Objectives: The aim of the study was to compare differences in dosimetric, clinical and quality-of-life end points among patients treated with helical tomotherapy (HT) and segmental multileaf collimator (SMLC)-based intensity-modulated radiotherapy (IMRT) for nasopharyngeal carcinoma. Methods: From June 2005 to August 2009, 30 consecutive patients were treated with IMRT for nasopharyngeal carcinoma to a dose of 70 Gy. 14 patients (47%) were treated using HT and 16 (53%) were treated using SMLC-based IMRT. 28 patients (93%) received concurrent chemotherapy. The patients were evenly balanced between the two radiotherapy groups with respect to clinical and pathological characteristics. Median follow-up was 30 months (range, 6-62 months). Results: The 2-year estimates of overall survival, local-regional control and progression-free survival were 81%, 87% and 82%, respectively. There were no significant differences in any of these end points with respect to IMRT technique (p>0.05 for all). Dosimetric analysis revealed that patients treated by HT had significantly improved salivary sparing with respect to mean dose (27.3 vs 34.1 Gy, p=0.03) and volume receiving greater than or equal to 30 Gy (31.7% vs 47.3%, p=0.01) to the contralateral (spared) parotid gland. The incidence of Grade 3+ late xerostomia was 13 and 7% among patients treated with SMLC-based IMRT and HT, respectively (p=0.62). The corresponding proportion of patients who subjectively reported "too little" or "no" saliva at final follow-up was 38% and 7%, respectively (p=0.04). Conclusion: The superior dosimetric outcome observed with HT appeared to translate into moderately improved clinical outcomes with respect to salivary sparing. Prospective trials are needed to validate this gain in the therapeutic ratio.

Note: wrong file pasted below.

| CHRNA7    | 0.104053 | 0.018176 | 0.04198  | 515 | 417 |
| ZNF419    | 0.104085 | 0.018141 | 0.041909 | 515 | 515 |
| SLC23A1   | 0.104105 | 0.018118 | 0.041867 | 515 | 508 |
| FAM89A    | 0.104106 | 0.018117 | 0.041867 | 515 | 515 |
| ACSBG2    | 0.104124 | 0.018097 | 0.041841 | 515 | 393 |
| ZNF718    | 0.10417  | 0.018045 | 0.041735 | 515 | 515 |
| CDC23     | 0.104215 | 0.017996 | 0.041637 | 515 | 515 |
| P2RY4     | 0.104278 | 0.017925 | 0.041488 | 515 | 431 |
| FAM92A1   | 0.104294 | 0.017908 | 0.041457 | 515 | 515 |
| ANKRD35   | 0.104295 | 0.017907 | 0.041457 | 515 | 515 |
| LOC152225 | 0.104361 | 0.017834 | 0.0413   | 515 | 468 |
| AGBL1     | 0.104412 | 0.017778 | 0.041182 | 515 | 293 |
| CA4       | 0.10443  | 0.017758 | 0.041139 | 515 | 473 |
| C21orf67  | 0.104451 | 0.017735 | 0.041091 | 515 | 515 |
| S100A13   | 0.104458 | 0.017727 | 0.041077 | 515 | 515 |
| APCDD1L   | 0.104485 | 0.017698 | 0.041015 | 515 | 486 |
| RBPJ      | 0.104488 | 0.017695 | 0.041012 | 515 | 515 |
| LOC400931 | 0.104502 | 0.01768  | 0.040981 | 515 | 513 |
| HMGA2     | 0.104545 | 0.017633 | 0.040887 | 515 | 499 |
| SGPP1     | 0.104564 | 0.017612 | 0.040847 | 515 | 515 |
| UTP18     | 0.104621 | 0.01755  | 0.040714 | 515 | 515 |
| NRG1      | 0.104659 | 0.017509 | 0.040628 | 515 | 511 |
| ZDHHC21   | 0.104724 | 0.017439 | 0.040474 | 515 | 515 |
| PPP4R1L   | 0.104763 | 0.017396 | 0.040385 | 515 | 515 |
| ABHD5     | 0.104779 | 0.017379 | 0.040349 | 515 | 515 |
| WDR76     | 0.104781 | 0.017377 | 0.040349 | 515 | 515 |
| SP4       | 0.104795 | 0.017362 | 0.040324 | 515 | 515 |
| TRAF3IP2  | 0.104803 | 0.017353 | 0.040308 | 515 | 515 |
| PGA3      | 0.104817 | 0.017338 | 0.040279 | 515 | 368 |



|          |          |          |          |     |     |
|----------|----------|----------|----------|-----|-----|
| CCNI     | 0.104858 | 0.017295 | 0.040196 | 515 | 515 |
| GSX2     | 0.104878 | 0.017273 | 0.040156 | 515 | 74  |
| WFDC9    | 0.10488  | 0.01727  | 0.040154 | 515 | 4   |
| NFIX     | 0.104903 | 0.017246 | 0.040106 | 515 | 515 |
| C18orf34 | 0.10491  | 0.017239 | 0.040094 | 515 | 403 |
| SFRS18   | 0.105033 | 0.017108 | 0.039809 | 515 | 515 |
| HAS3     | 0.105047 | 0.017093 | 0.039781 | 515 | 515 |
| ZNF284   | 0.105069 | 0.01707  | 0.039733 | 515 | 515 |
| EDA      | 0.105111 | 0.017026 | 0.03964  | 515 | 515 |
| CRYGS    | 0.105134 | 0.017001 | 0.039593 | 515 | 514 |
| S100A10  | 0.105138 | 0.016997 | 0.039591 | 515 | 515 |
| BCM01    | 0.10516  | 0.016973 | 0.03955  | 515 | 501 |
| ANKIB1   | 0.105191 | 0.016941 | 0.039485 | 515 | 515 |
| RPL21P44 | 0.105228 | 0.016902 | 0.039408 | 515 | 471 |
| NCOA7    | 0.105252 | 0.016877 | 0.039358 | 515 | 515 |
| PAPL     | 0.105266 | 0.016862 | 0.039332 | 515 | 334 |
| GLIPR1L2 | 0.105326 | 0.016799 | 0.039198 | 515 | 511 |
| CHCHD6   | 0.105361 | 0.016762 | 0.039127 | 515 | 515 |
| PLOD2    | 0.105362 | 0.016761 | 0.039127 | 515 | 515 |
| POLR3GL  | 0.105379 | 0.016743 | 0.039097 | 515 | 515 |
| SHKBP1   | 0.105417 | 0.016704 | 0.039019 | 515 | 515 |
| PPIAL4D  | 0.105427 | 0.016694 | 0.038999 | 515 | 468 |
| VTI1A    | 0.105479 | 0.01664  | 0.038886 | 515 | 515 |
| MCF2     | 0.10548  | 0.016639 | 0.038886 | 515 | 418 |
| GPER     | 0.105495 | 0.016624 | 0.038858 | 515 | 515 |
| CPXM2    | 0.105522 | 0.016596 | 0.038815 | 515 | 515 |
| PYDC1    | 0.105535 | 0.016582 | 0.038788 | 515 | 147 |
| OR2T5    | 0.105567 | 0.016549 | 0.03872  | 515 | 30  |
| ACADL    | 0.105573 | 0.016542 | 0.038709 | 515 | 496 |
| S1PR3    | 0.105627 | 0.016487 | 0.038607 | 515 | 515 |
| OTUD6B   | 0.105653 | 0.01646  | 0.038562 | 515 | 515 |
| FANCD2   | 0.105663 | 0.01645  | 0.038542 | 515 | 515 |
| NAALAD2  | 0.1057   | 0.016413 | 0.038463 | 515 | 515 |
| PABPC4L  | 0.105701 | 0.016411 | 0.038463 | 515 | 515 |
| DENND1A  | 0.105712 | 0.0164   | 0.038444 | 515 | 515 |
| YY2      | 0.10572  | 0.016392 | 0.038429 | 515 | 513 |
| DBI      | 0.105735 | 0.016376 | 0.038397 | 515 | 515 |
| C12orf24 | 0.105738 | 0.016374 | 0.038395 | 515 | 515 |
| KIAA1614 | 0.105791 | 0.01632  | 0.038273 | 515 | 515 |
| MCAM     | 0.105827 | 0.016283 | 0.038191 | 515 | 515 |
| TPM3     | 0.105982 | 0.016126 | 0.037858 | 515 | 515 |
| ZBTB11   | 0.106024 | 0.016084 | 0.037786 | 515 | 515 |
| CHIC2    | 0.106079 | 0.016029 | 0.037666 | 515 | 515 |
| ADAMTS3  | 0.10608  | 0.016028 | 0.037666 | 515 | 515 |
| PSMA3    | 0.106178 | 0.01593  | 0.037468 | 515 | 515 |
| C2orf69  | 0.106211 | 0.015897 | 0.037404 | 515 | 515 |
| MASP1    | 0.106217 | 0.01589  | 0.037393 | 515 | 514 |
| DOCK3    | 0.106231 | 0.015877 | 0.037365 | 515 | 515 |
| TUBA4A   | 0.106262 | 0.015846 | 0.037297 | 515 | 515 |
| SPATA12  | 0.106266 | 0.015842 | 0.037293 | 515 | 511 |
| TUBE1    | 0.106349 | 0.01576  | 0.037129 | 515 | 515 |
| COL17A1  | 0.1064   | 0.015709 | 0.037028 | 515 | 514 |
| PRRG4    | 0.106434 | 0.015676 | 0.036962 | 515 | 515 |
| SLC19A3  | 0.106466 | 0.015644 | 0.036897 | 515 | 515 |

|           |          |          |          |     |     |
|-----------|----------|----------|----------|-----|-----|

ASJC Scopus subject areas
- Radiology Nuclear Medicine and imaging